Among these is the Lairhillock Inn, a 200-year-old former coaching inn, at Netherley, near Stonehaven, which proudly and justifiably boasts it has been recommended in no less than 12 good food guides. Here you’ll find starters such as Cullen skink (smoked fish soup) and smoked haddock filo parcels and hearty main courses like roasted loin of pork, lamb two ways and haggis, neeps and tatties.
Fish, indeed, is synonymous with the north east of Scotland and although the number of boats landing catches has declined recently, fresh locally-caught fish is still a menu mainstay in many local restaurants and takeaway outlets
Eating out in Stonehaven
Moving slightly further south on the coast, the bonnie seaside town Stonehaven has quite a few restaurants and inns worth exploring. Among these are The Tolbooth Seafood Restaurant on the harbour which boasts excellent seafood, and a short walk away is the equally nautical Ship Inn where, on a nice sunny day, you can enjoy an excellent al fresco lunch as you look out to the harbour and listen to the impatient seagulls chattering overhead.
North of the city, the Eat on the Green restaurant at Udny Green sees award-winning chef Craig Wilson offer innovative lunch and dinner menus, creating an imaginative range of contemporary and classic dishes using fresh local produce. At the gateway to Royal Deeside The Cow Shed Restaurant in Banchory offers tempting seasonal creations from owner and widely-travelled chef Graham Buchan and has a relaxed, warm feel with fabulous views over the countryside. For those who feel adventurous it also runs a cookery school for individuals and teams and it is the home of the global phenomenon, venison ice cream!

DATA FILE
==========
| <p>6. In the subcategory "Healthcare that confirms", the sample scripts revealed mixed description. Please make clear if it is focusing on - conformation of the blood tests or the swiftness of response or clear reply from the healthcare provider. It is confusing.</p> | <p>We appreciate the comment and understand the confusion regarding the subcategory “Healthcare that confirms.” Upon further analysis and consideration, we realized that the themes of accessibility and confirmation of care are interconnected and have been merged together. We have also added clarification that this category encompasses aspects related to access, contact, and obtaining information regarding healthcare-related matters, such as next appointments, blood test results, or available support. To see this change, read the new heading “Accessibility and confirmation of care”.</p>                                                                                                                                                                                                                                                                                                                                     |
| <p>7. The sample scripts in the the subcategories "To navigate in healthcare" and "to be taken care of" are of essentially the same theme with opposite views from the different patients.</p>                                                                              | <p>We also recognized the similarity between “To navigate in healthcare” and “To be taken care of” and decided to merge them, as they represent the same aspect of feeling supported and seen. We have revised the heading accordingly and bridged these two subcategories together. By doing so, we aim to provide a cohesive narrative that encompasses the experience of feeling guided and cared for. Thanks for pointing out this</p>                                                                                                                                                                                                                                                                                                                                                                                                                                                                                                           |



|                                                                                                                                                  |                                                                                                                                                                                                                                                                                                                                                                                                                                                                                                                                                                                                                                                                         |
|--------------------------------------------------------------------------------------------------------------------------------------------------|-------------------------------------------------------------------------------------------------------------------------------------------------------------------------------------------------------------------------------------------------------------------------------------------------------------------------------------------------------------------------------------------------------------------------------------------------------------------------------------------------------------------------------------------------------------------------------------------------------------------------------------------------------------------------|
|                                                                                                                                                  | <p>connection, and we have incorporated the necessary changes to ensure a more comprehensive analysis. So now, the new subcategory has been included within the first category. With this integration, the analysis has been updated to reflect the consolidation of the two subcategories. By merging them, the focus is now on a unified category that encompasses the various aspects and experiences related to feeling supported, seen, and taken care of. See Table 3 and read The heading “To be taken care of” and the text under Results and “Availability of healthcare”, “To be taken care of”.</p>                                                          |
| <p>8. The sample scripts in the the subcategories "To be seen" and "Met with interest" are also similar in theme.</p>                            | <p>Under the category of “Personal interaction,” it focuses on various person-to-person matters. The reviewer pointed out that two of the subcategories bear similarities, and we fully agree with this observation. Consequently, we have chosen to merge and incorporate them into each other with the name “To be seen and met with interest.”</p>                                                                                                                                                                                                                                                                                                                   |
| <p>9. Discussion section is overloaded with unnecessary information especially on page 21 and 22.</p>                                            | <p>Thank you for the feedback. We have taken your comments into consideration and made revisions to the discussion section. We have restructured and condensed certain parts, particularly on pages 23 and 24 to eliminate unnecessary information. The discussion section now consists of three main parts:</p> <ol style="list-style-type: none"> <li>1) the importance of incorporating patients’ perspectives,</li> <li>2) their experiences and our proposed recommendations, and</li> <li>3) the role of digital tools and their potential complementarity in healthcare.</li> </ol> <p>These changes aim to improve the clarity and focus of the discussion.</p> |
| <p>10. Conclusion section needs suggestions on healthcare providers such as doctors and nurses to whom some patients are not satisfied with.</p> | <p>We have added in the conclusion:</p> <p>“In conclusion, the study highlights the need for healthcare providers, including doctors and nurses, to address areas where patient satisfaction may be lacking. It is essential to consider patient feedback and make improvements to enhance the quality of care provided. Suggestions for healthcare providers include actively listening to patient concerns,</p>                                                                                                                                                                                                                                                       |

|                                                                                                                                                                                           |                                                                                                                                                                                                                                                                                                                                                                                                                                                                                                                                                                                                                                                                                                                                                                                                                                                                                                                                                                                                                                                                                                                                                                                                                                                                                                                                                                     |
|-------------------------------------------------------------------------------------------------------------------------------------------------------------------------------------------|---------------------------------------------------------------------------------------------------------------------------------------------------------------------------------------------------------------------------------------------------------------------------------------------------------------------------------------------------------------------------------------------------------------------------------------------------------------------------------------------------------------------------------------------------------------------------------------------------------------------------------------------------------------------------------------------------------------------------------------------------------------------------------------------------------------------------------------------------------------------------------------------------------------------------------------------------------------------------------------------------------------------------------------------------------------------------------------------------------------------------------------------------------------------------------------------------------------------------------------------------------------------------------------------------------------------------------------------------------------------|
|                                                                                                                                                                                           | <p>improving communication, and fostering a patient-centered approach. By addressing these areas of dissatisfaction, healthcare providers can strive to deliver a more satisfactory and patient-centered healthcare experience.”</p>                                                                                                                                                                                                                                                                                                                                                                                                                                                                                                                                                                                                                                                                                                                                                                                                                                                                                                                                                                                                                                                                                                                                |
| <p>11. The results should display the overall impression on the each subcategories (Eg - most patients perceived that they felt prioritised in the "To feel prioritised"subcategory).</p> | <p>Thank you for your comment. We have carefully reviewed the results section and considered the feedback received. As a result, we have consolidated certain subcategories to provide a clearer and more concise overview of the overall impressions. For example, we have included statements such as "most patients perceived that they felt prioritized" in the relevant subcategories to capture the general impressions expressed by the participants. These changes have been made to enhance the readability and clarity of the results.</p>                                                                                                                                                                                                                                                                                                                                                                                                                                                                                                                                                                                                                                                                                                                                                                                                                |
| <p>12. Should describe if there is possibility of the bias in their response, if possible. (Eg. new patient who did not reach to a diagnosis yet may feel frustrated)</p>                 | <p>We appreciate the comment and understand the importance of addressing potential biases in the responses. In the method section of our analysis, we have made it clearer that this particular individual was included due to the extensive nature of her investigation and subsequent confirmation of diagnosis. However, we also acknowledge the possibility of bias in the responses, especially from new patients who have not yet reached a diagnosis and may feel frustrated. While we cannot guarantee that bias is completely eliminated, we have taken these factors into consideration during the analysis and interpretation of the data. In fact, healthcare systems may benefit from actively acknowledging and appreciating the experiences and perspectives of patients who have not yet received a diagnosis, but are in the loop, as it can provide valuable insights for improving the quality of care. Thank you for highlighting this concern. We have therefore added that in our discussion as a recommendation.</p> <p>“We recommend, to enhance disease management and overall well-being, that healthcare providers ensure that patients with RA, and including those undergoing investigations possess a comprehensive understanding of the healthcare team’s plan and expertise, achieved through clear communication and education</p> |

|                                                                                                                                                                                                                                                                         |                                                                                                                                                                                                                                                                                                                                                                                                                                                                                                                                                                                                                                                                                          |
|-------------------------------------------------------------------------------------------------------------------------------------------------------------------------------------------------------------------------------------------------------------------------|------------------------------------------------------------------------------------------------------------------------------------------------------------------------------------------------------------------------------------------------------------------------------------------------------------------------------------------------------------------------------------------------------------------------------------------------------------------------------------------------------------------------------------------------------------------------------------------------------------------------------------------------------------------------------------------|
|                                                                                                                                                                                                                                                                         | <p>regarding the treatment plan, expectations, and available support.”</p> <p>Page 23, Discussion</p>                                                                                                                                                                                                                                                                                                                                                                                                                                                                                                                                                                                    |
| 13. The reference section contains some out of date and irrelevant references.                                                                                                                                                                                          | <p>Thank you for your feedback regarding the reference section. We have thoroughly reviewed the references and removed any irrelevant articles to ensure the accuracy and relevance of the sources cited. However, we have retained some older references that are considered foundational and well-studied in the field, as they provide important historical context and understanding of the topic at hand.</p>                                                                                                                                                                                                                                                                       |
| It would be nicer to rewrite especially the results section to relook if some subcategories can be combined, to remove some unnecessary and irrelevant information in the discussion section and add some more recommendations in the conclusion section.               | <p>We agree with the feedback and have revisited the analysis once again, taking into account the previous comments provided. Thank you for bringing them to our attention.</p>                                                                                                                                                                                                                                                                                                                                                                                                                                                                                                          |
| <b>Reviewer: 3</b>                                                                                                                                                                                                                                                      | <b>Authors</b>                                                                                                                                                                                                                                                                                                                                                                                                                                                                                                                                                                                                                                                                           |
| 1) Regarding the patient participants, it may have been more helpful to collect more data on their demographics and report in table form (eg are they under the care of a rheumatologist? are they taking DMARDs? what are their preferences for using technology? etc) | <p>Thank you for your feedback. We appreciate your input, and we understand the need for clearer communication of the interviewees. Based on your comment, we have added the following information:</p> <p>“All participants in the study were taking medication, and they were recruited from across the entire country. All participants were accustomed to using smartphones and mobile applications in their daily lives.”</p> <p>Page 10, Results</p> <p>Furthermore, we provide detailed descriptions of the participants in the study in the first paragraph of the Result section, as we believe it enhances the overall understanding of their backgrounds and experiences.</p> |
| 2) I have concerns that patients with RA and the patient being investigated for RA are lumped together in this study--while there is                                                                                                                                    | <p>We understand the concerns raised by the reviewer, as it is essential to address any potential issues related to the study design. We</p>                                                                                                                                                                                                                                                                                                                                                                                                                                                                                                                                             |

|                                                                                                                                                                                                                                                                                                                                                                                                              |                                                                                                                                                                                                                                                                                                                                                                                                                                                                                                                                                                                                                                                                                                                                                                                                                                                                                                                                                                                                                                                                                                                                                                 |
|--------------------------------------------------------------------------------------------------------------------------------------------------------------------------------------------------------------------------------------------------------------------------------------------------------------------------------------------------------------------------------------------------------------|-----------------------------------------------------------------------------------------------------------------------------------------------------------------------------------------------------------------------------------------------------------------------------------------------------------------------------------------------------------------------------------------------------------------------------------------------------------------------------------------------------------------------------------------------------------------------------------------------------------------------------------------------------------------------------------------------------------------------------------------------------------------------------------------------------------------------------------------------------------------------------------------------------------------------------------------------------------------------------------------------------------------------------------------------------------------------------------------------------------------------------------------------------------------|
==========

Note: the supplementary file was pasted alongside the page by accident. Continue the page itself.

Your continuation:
There are a number of top bistro restaurants in the city such as Café 52 on The Green which offers inspirational avant-garde cooking and puddings ‘to die for’ in an ancient location just off Union Street. The Union Square shopping complex itself has more than 20 food outlets where you can happily indulge yourself at landmark names such as Nando’s, Frankie and Benny’s, Pizza Hut, TGI Friday’s and YO! Sushi.